• Median-point in the distribution half the scores are higher and half are lower
    • Mean-arithmetic average
  13. Define the Measures of Variability
    • Range-The range provides a measure of the spread of scores and indicates the variability between the highest and the lowest scores. 
    • Variance and Standard Deviation-Indicate how scores vary around the mean.
    • The variance is the mean squared deviation
    • The standard deviation is the square root of the variance
  14. Define Normal Distribution
    • The normal distribution or normal curve is the distribution that characterizes a number of our human traits (e.g., weight, height, intelligence) and has mathematical properties that make it very useful in interpreting norm-referenced tests.
    • The normal curve is bell-shaped with a single peak and the mode, median and mean are the same score.
  15. What are the values of Standard deviation in the normal distribution or normal curve
    • 68% of the cases fall between one S.D. below and one S.D. above the mean
    • 95% of cases fall between  + 2 S.D.
    • 99.5% of cases fall between  + 3 S.D.
  16. Define Percentile scores or percentile ranks
    indicate the percentage of people in the norming group who had a score at or below a given raw score.
  17. Why are Standard Scores useful?
    They can be used with all types of tests (e.g., intelligence tests, personality tests, career assessments). Standard scores provide a quick, easy way to know a client’s relative position on a test because standard scores describe how many standard deviations a client’s score is from the mean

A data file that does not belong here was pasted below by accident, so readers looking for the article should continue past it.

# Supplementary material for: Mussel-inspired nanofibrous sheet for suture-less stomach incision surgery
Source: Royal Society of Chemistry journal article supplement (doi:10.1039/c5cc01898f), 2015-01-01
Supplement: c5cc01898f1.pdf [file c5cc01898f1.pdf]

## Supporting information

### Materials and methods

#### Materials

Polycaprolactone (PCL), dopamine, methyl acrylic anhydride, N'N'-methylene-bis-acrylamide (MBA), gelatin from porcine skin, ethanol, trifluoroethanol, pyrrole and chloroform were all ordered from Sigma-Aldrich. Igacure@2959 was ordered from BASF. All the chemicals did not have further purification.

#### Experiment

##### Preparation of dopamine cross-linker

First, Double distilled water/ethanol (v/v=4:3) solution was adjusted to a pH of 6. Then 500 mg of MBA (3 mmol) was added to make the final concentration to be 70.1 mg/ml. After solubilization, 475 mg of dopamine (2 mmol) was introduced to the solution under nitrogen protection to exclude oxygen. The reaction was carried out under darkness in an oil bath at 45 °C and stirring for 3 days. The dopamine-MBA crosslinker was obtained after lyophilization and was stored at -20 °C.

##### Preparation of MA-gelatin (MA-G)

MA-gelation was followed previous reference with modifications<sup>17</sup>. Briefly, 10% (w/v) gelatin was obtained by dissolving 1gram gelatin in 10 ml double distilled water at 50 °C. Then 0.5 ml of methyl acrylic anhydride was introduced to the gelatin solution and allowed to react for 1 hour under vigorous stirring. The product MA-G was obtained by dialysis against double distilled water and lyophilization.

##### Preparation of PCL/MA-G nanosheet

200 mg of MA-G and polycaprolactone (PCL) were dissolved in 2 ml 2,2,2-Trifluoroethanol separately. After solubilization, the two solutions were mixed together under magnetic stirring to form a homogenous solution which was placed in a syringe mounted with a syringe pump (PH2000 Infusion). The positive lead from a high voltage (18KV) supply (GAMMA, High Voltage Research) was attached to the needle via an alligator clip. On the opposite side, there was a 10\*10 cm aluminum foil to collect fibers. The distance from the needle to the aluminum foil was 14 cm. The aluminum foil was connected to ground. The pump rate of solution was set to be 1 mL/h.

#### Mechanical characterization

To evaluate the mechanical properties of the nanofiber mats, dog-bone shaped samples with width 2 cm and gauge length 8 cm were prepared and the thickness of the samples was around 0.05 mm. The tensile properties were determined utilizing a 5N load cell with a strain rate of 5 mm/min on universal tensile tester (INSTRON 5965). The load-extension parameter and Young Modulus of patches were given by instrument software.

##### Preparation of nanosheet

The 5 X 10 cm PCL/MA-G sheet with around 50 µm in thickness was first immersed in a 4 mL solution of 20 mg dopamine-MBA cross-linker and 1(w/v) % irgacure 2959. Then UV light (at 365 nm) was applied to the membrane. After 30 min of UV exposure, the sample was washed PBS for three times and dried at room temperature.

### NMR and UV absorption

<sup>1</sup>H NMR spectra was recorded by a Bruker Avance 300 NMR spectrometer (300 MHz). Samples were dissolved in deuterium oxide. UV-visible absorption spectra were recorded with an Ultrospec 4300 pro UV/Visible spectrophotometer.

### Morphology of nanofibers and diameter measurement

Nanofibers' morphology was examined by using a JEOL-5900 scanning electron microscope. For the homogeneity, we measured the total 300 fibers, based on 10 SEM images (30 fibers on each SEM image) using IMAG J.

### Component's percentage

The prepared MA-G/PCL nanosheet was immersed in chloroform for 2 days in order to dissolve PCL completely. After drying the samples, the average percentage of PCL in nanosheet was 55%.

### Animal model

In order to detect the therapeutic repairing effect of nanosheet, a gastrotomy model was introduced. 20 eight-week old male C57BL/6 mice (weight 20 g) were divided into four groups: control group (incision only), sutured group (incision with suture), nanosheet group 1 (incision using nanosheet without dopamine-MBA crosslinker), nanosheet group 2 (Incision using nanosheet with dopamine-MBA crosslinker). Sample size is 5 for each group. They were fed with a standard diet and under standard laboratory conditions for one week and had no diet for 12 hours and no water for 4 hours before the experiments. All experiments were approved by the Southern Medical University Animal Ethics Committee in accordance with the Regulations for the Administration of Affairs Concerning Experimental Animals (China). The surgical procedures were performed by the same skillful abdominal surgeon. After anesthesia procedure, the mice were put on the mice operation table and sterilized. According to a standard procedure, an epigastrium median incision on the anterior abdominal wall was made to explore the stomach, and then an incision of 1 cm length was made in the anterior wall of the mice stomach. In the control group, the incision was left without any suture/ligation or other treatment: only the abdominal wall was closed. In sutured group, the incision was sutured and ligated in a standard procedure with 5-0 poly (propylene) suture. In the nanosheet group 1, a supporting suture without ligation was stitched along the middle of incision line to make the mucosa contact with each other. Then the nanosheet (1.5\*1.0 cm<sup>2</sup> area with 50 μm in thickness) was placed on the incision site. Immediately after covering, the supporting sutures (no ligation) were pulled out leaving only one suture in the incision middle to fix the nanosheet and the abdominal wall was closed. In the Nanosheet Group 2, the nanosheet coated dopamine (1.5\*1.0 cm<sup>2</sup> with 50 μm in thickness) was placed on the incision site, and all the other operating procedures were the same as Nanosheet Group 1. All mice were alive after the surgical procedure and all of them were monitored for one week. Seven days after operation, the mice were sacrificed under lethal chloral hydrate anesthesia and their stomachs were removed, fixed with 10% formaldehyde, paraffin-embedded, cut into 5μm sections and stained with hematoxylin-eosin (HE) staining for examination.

18. There are a number of different types of standard scores including:
    • z Scores-to convert a raw score to a z-score, subtract the mean of the test from the client’s raw score and divide by the standard deviation of the test.  Mean=0 and SD=1
    • T Scores-T scores have a fixed mean of 50 and a standard deviation of 10. A z score can be converted to a T score by multiplying the z score by 10 and adding or subtracting the number from 50.
    • Stanines-range from 1-9, M=5 and SD =2. They represent a range of percentile scores
  19. What does Reliability provide
    an estimate of the amount of true variance to observed variance.
  20. What is the coefficient of determination used for?
    to measure the degree to the extent of shared variance between two variables.
  21. What is correlation used for?
    The statistical technique of correlation is used to examine the relationship between scores.
  22. Types of Reliability
    • Test-Retest Reliability-Correlating the performance of the first test administration and the second.
    • Challenges: The trait that is being measured with test-re-test must be stable over time.
    • Challenges: There should be no differential in practice effect.
    • Challenges: There should be no differential in learning

    • Alternate or Parallel Forms-requires that there be two forms of a test. Persons are given one form and then administered the alternative form and a correlation between the two forms is calculated and the estimated reliability is determined. Care should be taken to assure that the two forms are truly parallel.